THE VIRGINIAN-PILOT Copyright (c) 1994, Landmark Communications, Inc. DATE: Monday, October 3, 1994 TAG: 9410030042 SECTION: LOCAL PAGE: B2 EDITION: FINAL SOURCE: ASSOCIATED PRESS DATELINE: CHARLOTTESVILLE, VA. LENGTH: Medium: 69 lines
British scientists will release this week the results of genetic tests to determine whether Anna Manahan was who she claimed to be - the Grand Duchess Anastasia of Russia.
Scientists at the British government's Forensic Science Service have tested tissue taken from Manahan during a 1979 intestinal operation at Martha Jefferson Hospital in Charlottesville.
In the tests, Manahan's DNA was compared with samples taken from members of the Russian imperial family. The results are to be announced Wednesday in London.
Czar Nicholas II abdicated in 1917, and he and his family were held as prisoners at a royal compound outside St. Petersburg, Russia. Later, they were moved to Yekaterinburg, where they were herded into a basement and killed on the night of July 16-17, 1918.
The royal couple had four daughters and a son, Alexis. There have been persistent reports through the decades that some members of the royal family escaped the execution, with most claims centering on the youngest daughter, Anastasia.
When she surfaced in Berlin in 1920, Manahan initially made no claims to be Anastasia, apparently afraid that she would meet the same fate as the rest of her family, biographer Peter Kurth said. She later attempted unsuccessfully to prove her identity through two trials in Germany.
She moved to Charlottesville in 1968 and married University of Virginia professor John E. Manahan. She died in 1984 and was cremated.
The Forensic Science Service identified the imperial family's remains last year, saying they were the czar, his wife and three daughters. The scientists said it was not possible to determine which three daughters.
The issue of genetic tests to prove Manahan's identity was raised last year when Marina Botkin Schweitzer of Great Falls filed a lawsuit seeking a portion of the tissue.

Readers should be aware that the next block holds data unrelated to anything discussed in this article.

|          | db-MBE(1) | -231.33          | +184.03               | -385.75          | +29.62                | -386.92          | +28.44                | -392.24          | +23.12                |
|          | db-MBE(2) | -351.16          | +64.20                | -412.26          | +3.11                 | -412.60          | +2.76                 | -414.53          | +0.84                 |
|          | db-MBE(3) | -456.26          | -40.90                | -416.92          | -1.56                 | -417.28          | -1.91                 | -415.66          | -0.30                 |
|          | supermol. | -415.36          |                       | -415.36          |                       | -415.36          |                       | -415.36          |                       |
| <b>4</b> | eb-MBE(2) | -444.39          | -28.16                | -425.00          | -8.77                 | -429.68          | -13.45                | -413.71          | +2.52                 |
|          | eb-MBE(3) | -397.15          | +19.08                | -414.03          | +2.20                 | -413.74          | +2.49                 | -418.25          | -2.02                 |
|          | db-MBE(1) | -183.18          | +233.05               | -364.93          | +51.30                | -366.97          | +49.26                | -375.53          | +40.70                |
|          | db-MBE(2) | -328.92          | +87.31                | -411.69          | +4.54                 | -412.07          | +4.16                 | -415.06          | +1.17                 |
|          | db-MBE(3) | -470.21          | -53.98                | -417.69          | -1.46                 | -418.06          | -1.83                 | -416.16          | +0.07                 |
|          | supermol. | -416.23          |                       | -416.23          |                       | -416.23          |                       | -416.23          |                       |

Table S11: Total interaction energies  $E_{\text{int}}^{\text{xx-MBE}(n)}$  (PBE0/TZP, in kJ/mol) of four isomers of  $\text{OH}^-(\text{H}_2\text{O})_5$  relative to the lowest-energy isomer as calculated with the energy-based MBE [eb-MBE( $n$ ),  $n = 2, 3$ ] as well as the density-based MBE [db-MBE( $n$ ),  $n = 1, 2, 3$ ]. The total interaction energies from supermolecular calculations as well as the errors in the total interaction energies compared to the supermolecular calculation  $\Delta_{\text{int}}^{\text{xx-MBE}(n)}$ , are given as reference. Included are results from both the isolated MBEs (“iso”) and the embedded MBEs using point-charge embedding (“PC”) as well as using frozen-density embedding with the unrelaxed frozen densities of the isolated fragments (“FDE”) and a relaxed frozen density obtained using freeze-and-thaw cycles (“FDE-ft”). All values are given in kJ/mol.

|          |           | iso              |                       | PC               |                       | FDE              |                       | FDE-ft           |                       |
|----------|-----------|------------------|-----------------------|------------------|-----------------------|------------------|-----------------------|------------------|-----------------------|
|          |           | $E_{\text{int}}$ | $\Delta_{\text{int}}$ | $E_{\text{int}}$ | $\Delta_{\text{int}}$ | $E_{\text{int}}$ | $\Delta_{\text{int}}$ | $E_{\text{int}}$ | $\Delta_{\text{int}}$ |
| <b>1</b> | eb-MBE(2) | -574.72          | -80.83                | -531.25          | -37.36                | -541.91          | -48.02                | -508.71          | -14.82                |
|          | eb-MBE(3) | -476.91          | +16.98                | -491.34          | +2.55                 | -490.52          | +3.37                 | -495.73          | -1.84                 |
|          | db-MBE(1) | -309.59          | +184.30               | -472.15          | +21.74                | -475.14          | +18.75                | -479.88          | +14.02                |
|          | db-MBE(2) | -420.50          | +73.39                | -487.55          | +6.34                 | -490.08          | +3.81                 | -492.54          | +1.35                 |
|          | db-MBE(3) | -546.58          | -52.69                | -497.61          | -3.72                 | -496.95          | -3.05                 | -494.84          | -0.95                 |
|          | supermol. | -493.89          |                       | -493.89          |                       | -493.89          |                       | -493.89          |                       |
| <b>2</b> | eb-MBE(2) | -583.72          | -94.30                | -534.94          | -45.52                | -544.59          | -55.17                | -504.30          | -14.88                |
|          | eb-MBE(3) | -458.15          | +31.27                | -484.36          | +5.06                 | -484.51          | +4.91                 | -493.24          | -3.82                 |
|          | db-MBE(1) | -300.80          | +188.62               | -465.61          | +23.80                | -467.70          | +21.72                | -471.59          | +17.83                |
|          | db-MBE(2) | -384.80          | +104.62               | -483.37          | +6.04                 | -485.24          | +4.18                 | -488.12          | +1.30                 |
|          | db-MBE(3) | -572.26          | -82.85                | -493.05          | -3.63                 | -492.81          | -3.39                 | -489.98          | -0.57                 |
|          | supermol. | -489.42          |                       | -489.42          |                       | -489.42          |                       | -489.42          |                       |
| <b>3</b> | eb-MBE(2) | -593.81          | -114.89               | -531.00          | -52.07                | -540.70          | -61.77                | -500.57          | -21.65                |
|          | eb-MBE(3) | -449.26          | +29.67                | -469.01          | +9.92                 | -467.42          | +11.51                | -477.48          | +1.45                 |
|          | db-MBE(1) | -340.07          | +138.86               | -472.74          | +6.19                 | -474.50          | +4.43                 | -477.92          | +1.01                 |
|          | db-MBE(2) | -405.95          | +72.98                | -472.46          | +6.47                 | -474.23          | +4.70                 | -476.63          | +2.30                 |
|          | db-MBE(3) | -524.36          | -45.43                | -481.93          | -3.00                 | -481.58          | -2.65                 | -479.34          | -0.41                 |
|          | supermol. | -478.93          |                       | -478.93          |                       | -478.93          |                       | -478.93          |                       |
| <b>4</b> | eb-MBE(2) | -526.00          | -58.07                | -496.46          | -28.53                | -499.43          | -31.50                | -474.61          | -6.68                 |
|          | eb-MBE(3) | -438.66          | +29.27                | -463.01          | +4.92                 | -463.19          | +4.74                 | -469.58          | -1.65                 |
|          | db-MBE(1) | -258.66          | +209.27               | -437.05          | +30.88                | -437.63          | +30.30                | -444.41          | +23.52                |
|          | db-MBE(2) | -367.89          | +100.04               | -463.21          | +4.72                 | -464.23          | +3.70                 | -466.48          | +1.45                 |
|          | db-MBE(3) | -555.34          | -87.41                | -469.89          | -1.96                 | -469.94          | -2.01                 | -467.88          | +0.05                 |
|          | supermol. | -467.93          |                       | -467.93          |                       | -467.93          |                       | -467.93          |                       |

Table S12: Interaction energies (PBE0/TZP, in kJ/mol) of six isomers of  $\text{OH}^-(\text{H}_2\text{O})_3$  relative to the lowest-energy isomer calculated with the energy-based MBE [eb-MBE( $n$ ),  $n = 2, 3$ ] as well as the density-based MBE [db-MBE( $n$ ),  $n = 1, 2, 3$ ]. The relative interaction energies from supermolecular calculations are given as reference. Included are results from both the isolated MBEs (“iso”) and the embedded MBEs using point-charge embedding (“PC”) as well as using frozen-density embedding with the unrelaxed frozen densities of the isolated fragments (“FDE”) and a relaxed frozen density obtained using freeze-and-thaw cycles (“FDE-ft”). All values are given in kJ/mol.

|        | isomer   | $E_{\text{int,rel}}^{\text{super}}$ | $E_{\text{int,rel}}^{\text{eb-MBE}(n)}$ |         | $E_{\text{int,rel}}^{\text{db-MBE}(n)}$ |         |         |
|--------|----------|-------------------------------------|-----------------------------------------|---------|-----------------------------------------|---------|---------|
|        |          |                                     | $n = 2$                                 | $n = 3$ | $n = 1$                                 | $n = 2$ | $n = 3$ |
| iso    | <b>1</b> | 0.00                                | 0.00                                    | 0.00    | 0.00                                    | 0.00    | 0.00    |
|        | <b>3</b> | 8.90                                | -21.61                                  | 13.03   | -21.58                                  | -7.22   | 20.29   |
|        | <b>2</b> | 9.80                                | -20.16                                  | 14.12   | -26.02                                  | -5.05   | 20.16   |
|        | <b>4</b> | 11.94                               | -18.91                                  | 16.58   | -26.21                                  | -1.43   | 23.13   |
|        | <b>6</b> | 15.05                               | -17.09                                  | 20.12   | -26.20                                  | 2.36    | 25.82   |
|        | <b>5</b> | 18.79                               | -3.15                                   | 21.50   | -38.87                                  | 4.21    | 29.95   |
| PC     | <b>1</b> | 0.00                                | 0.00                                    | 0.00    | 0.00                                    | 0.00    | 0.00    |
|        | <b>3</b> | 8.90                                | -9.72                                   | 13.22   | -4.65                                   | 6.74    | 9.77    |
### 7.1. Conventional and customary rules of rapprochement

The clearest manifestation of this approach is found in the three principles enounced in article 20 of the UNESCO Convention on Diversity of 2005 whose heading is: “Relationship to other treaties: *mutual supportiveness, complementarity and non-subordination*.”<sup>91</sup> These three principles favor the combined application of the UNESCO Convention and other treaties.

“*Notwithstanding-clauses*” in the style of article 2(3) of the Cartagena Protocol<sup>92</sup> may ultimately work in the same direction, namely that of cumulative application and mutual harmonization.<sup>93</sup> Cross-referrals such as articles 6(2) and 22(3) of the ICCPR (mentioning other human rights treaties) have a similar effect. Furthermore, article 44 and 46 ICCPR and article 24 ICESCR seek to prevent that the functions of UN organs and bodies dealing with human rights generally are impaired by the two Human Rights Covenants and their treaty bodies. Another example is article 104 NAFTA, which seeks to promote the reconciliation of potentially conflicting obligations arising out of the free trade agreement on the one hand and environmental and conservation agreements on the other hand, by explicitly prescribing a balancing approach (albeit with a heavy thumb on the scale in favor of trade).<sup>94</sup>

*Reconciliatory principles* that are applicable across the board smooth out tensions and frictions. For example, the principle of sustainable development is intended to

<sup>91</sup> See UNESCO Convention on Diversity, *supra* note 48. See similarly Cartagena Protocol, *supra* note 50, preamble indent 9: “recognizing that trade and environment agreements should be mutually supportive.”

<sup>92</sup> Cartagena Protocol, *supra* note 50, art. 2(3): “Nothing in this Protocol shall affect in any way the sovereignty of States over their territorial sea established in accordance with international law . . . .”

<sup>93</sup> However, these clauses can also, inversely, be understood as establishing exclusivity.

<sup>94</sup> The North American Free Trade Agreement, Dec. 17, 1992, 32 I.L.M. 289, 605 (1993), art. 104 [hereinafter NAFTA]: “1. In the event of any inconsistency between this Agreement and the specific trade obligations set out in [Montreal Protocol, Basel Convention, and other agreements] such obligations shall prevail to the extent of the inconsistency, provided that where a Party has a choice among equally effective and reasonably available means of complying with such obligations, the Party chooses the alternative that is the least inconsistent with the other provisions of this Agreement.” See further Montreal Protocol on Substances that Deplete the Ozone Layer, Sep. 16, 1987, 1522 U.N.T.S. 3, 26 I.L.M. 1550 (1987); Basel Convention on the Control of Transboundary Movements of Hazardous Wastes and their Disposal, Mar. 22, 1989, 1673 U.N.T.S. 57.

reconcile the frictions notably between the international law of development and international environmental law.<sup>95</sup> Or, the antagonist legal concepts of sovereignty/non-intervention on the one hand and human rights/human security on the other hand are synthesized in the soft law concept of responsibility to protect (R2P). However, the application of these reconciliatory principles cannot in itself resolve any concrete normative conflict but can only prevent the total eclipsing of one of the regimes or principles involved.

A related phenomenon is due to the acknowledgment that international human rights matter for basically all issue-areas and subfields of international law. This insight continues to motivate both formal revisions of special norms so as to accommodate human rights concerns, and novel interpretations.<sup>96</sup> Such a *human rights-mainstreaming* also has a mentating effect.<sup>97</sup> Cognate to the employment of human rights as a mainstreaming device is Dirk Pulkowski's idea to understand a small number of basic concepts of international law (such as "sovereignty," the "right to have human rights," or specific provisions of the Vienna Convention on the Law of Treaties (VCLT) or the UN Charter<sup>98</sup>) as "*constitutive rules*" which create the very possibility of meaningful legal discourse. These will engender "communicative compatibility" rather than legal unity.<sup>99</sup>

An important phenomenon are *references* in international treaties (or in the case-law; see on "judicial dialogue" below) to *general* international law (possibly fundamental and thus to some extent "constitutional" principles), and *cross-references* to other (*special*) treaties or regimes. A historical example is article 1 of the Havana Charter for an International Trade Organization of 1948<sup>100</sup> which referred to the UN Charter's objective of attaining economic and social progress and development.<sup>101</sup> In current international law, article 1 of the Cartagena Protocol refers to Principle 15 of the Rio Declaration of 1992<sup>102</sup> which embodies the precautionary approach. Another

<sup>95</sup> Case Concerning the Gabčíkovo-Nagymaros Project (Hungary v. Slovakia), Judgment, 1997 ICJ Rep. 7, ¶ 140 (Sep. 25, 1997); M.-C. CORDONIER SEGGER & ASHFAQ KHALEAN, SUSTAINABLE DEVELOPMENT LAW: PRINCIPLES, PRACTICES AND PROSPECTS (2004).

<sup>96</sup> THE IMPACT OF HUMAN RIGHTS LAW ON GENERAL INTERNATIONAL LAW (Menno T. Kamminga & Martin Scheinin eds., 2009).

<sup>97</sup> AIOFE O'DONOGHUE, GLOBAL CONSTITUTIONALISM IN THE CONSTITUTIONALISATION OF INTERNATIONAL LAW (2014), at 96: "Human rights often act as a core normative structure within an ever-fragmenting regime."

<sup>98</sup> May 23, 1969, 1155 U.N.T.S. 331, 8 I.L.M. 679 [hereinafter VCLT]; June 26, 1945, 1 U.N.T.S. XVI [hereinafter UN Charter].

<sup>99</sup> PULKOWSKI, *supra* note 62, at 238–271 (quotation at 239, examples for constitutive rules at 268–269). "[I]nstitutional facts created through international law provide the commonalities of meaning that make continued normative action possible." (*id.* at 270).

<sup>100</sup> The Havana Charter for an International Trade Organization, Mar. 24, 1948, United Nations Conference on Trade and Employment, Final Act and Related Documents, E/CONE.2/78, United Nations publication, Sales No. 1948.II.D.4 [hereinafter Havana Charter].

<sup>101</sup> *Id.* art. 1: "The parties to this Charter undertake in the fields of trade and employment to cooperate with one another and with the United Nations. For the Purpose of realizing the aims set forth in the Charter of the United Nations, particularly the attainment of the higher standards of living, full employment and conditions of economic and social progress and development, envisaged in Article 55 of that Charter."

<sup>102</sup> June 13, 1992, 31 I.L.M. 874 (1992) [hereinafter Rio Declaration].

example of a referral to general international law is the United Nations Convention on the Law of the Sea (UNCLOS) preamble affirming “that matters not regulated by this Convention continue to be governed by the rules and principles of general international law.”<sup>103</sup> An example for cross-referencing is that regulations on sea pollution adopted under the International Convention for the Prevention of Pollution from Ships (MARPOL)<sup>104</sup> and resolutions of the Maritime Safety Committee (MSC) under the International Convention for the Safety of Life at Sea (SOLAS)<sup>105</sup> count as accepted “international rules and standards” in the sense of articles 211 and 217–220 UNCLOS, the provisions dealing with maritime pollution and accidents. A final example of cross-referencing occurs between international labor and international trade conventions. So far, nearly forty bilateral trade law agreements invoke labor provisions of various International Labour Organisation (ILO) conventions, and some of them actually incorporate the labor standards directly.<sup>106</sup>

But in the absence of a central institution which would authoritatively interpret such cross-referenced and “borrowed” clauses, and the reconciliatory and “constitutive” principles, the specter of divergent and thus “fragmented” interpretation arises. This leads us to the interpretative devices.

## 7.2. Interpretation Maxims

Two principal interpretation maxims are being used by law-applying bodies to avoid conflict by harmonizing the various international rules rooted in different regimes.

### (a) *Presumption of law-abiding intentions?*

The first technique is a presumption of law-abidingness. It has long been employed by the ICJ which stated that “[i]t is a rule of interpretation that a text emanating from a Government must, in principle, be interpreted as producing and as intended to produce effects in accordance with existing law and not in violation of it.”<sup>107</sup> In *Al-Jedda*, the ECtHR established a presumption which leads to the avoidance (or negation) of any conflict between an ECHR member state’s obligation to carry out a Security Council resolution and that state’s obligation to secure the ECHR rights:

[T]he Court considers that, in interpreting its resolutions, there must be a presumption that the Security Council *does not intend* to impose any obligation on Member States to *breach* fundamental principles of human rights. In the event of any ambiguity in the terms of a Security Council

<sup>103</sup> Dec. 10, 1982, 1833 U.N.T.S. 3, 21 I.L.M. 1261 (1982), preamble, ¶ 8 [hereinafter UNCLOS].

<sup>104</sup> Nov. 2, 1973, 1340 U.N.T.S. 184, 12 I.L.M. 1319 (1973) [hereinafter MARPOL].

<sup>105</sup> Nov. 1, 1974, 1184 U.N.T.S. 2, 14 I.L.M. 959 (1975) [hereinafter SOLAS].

Mrs. Schweitzer's grandfather, Dr. Eugene S. Botkin, was the personal physician to Czar Nicholas II. His remains also were identified as among those unearthed in 1991 in Yekaterinburg, but with less scientific certainty.
Manahan had insisted that Botkin was with the imperial family the night of the massacre. Proving that Manahan was Anastasia would further establish that the remains were Botkin's, Mrs. Schweitzer said.
Mrs. Schweitzer, who is financing the testing, fought off a legal bid by the Russian Nobility Association of New York City to have the tissue tested at a Berkeley, Calif., laboratory.
Prince Alexis Scherbatow, president of the Russian Nobility Association and a distant Romanov relation, said he expects the tests will confirm what he has suspected all along - Manahan was an impostor.
``I will be very surprised if the DNA says she was Anastasia,'' said Scherbatow, who taught Russian history at Fairleigh Dickenson University in Rutherford, N.J. ``The truth will be the truth.''
Wednesday's announcement will be made just weeks after a Russian government panel announced that its scientists had determined that Anastasia's remains were among her family's.
Russian geneticist Dr. Pavel Ivanov said that the remains of Anastasia's sister, Maria, were missing, along with those of Alexis. ILLUSTRATION: FILE PHOTOS
Anna Manahan, right, who died in 1984, claimed to be Grand Duchess
Anastasia of Russia, left.